One thing residents on Orchard Road in Minnetonka say they like about their street is the view of a tree-lined 6-acre lot that was occupied, until recently, by a hobby farm and three horses.

“It’s always been nice to have the horses there,” said Greg Raetz. “You could watch them running around.”

But now that view may be replaced by something considerably less pastoral, and neighbors aren’t happy about it.

Plymouth-based homebuilder Charles Cudd Co. has offered to buy the property from Carol Bensman, whose family has lived there for 42 years. Cudd wants to build a project called Highcroft Meadows, an array of luxury homes that would sell for $650,000 to $850,000.

Seeking feedback, Cudd principal Rick Denman presented a concept last month to the Minnetonka City Council featuring a cul-de-sac ringed with 19 homes, along with patches of existing woods and a decorative pasture-style rail fence. The target market would be empty nesters who prefer smaller, lower-maintenance yards, he said.

About 20 residents of the area spoke before the council to oppose the project. They criticized the planned neighborhood’s density; the homes would be too “jammed together,” as one resident put it. They also worried it would increase traffic and threaten safety on Orchard Road and that it wouldn’t match the surrounding area.

“We all knew that eventually that land would be developed,” said Trish Gardiner, who lives across the street from the lot. “What we’d really like is to have a developer build something there that is mindful of the character of the neighborhood.”

Most of the houses on Orchard Road are 1950s ramblers valued at $300,000 to $400,000, occupying lots of half an acre or more.

In response to the density complaints, Cudd scaled the concept back to 17 houses. Neighbors still objected, saying they would prefer a number in the single digits. “We expected six or eight or 10 houses,” Raetz said.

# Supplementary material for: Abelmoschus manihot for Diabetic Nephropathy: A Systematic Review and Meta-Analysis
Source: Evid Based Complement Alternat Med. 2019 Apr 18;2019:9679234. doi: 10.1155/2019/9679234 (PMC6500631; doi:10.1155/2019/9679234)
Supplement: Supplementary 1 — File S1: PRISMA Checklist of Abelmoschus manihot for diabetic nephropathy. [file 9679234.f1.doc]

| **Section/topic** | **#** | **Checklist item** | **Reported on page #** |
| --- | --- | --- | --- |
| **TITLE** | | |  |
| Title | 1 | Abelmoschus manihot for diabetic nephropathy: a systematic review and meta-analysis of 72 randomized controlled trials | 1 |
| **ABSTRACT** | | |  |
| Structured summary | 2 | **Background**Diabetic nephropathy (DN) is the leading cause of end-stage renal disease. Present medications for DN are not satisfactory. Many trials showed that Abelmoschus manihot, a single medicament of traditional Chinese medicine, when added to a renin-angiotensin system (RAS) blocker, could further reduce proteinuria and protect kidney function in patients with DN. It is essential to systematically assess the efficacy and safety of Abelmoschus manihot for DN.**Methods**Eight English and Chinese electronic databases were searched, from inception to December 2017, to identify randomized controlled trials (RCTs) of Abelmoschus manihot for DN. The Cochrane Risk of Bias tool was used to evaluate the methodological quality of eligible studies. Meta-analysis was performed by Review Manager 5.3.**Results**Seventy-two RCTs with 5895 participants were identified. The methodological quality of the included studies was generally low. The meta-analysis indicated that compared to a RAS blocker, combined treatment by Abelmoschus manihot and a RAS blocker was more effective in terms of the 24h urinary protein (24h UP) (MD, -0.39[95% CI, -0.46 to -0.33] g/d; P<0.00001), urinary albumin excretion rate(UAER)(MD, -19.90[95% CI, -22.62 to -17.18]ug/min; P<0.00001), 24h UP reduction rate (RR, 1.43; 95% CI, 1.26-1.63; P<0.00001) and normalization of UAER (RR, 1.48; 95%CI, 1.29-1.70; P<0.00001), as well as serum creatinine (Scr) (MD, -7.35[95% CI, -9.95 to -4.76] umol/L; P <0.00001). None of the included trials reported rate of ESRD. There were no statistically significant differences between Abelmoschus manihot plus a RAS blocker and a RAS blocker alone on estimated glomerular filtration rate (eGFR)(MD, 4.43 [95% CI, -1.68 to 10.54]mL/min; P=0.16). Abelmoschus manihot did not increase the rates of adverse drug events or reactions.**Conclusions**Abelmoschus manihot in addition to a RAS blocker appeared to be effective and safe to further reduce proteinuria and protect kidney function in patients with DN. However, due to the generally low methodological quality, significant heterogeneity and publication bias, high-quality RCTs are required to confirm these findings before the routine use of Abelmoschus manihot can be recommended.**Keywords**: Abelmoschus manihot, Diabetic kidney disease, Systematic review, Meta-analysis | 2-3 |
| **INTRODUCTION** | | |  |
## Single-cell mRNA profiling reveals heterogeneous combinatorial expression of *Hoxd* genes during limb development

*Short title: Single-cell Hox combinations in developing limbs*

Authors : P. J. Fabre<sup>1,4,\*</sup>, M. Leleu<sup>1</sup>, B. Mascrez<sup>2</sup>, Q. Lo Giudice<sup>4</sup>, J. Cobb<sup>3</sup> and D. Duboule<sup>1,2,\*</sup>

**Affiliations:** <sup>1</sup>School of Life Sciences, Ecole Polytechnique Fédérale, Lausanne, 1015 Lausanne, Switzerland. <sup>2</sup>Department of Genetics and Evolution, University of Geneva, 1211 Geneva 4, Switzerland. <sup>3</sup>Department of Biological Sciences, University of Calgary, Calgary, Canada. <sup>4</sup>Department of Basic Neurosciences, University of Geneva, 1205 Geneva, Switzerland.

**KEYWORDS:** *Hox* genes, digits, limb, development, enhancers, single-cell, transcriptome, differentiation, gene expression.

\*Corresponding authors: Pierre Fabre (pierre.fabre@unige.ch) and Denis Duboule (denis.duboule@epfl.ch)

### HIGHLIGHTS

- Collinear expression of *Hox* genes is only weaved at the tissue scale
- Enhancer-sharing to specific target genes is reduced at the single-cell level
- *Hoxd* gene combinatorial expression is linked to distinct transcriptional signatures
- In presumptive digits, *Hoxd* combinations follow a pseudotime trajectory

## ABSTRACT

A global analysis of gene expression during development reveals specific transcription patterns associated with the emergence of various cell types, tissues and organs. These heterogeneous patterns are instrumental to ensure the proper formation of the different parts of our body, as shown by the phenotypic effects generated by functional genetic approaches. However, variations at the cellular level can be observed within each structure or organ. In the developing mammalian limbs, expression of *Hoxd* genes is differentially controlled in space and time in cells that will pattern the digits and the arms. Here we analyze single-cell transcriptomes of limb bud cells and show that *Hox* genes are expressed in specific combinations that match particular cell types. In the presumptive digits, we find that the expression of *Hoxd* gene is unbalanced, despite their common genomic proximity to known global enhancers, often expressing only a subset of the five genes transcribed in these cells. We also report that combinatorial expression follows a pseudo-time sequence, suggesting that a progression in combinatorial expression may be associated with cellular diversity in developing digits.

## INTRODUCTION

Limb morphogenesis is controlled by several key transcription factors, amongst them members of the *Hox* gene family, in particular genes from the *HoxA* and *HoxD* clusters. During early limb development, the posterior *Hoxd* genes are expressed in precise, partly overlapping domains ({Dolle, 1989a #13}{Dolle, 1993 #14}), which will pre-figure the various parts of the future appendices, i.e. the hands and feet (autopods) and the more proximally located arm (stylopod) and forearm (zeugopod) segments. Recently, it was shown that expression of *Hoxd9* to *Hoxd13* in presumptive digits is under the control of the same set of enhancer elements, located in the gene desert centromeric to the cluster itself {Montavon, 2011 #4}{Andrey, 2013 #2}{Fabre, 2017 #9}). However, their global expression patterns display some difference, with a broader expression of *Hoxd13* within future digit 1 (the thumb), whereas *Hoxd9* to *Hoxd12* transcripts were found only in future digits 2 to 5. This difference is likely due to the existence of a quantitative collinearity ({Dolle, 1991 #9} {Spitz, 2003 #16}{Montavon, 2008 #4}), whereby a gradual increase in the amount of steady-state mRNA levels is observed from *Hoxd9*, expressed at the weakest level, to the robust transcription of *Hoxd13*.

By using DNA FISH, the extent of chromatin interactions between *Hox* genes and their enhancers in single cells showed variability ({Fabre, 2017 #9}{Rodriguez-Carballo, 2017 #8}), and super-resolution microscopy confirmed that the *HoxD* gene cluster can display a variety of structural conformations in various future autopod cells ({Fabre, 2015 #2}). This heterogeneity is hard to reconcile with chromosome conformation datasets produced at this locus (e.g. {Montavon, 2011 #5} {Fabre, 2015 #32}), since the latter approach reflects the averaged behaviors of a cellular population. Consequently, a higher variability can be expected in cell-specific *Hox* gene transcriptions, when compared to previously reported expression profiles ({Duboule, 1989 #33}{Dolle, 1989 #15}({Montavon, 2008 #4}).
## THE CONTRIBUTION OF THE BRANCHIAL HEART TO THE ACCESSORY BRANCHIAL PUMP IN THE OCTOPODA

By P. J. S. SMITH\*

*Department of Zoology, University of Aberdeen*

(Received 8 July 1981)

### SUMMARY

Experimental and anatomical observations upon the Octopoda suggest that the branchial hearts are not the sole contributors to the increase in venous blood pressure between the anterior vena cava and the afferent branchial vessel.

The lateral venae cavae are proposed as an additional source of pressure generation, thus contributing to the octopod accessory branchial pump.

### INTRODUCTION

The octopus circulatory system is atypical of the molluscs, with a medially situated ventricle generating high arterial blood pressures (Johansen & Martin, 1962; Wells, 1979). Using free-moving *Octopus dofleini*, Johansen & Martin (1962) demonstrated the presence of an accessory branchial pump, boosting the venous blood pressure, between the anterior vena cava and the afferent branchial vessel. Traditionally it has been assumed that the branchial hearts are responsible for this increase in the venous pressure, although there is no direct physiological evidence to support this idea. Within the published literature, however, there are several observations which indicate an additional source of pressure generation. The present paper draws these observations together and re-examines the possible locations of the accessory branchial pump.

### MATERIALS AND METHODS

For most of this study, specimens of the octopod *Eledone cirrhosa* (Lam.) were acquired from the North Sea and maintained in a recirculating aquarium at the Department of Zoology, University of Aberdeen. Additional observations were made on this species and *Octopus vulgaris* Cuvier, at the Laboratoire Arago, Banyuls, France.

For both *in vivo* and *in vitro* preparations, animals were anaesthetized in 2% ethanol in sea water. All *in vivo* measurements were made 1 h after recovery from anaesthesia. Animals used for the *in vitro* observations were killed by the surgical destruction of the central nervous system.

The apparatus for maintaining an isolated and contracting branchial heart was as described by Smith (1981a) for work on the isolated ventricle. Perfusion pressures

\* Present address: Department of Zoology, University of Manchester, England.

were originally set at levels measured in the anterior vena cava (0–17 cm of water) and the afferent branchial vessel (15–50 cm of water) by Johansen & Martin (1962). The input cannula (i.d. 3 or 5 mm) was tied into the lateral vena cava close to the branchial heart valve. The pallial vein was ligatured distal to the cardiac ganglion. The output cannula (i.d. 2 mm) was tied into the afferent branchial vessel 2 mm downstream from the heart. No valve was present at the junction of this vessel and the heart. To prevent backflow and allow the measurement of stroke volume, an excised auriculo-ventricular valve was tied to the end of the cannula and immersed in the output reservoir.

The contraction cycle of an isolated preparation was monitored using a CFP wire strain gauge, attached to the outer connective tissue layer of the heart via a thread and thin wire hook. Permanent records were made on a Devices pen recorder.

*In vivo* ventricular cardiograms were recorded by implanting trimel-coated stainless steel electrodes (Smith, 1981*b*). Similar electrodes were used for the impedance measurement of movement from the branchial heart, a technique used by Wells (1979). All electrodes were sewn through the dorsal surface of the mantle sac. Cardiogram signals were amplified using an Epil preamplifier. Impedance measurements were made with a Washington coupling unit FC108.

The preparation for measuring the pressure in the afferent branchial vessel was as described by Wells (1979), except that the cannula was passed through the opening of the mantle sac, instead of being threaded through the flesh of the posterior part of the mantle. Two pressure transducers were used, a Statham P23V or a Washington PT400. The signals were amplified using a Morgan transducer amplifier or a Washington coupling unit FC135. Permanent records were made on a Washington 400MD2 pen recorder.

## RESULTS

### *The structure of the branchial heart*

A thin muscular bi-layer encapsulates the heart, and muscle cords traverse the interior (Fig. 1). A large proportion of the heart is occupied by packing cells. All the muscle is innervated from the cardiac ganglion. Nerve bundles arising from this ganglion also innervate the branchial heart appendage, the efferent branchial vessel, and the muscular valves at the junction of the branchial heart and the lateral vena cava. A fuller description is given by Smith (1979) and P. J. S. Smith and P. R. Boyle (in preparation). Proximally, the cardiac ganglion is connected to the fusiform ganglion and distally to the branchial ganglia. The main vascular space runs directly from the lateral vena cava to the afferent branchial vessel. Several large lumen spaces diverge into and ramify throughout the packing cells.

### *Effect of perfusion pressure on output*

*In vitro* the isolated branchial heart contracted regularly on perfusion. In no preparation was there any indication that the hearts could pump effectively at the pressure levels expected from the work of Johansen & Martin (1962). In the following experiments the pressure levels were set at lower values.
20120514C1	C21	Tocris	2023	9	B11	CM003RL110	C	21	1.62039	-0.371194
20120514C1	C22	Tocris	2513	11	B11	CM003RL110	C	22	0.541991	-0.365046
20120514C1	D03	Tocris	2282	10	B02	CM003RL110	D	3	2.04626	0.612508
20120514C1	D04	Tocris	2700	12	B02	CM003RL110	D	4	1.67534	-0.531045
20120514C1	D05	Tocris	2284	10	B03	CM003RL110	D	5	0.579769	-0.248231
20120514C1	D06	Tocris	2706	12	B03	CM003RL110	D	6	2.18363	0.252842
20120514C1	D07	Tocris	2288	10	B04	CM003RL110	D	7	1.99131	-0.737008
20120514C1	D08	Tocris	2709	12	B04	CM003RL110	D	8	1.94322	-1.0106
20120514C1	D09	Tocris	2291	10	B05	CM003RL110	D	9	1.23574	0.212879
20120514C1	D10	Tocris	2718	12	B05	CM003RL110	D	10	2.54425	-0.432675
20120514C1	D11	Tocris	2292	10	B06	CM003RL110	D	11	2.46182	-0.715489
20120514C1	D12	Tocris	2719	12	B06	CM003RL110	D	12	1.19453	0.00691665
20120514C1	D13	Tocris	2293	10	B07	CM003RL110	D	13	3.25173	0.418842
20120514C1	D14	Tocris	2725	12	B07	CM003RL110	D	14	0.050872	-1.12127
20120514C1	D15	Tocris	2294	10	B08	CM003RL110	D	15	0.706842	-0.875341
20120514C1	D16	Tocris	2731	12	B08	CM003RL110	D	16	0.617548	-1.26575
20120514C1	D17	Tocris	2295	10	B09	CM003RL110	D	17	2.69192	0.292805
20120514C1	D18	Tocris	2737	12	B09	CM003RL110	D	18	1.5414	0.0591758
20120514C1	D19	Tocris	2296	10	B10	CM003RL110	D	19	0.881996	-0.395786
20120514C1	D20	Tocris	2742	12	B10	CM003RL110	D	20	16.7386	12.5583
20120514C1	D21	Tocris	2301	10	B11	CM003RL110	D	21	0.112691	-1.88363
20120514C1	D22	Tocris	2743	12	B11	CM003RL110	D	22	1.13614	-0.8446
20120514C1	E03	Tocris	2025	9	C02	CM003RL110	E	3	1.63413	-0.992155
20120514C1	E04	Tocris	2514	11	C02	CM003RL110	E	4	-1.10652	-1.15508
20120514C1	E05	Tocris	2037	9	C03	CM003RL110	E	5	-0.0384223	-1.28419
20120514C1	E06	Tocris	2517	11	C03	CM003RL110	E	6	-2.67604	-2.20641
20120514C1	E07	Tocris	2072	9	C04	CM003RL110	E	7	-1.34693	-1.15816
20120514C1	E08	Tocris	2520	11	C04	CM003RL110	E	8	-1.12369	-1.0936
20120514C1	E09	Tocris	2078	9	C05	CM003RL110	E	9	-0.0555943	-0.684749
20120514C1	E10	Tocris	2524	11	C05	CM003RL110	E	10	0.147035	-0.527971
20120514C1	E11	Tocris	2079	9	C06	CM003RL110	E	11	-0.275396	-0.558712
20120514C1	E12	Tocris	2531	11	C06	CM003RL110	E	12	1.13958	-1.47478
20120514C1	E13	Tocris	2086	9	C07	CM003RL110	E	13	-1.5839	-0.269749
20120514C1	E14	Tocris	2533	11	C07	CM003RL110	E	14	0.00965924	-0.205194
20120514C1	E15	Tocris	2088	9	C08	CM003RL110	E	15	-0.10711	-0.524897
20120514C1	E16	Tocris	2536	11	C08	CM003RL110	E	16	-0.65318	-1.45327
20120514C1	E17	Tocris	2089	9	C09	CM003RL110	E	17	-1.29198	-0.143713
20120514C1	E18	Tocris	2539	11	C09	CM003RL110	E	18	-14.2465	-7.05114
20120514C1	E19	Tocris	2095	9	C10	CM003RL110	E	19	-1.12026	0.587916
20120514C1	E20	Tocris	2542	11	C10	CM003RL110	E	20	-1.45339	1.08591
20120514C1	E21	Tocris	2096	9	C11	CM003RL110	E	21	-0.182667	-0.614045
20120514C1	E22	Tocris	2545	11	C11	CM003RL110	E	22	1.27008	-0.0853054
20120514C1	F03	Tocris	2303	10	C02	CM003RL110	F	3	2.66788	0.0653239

Now Cudd has drawn up a 15-home plan that Denman said the company will run past city officials and neighbors.

“I think we have a really good plan if we can gather some support,” he said.

Building fewer than 15 houses isn’t financially feasible, Denman said, predicting that a smaller development would reduce the parcel’s value and sale price.

Cudd has not submitted a formal proposal for approval. City officials agreed the initial plan seemed too dense.

“My feedback at the council meeting was that 19 or 17 [houses] is too high,” said Council Member Mike Happe, who represents central Minnetonka. “It’s a cinch that the property will be redeveloped to some degree, but I cannot offer much more than that at this point.”

Some neighbors nostalgically refer to Bensman’s property as the last horse farm in Minnetonka. As recently as the 1950s, active farms and horse pastures covered most of Minnetonka. About 100 years before that, American Indians hunted and fished in the area’s woods and prairies.

But calling it “the last horse farm” is a bit misleading, said Julie Wischnack, community development director.

“When I think of a horse farm I tend to think of larger properties,” she said, such as the 24-acre former Jondahl farm near Interstate 394, which had horses and crops before it was sold in 2014.

Homebuilders have snapped up several longstanding farms throughout the suburbs in the postrecession building boom.

The Bensmans’ property was once a lively place, serving as a home for sheep, chickens and a llama. The horses were removed several weeks ago. Carol Bensman’s husband, Alan, died in May, and she now lives in Mexico. She returned this week to clear her possessions from the old house and attend a neighborhood potluck gathering. She’s friendly with the neighbors and is sorry the sale has caused controversy.

“It’s a hard decision — there’s no happy outcome for us,” said her daughter, Sara Bensman. “If we could do it differently, we would.”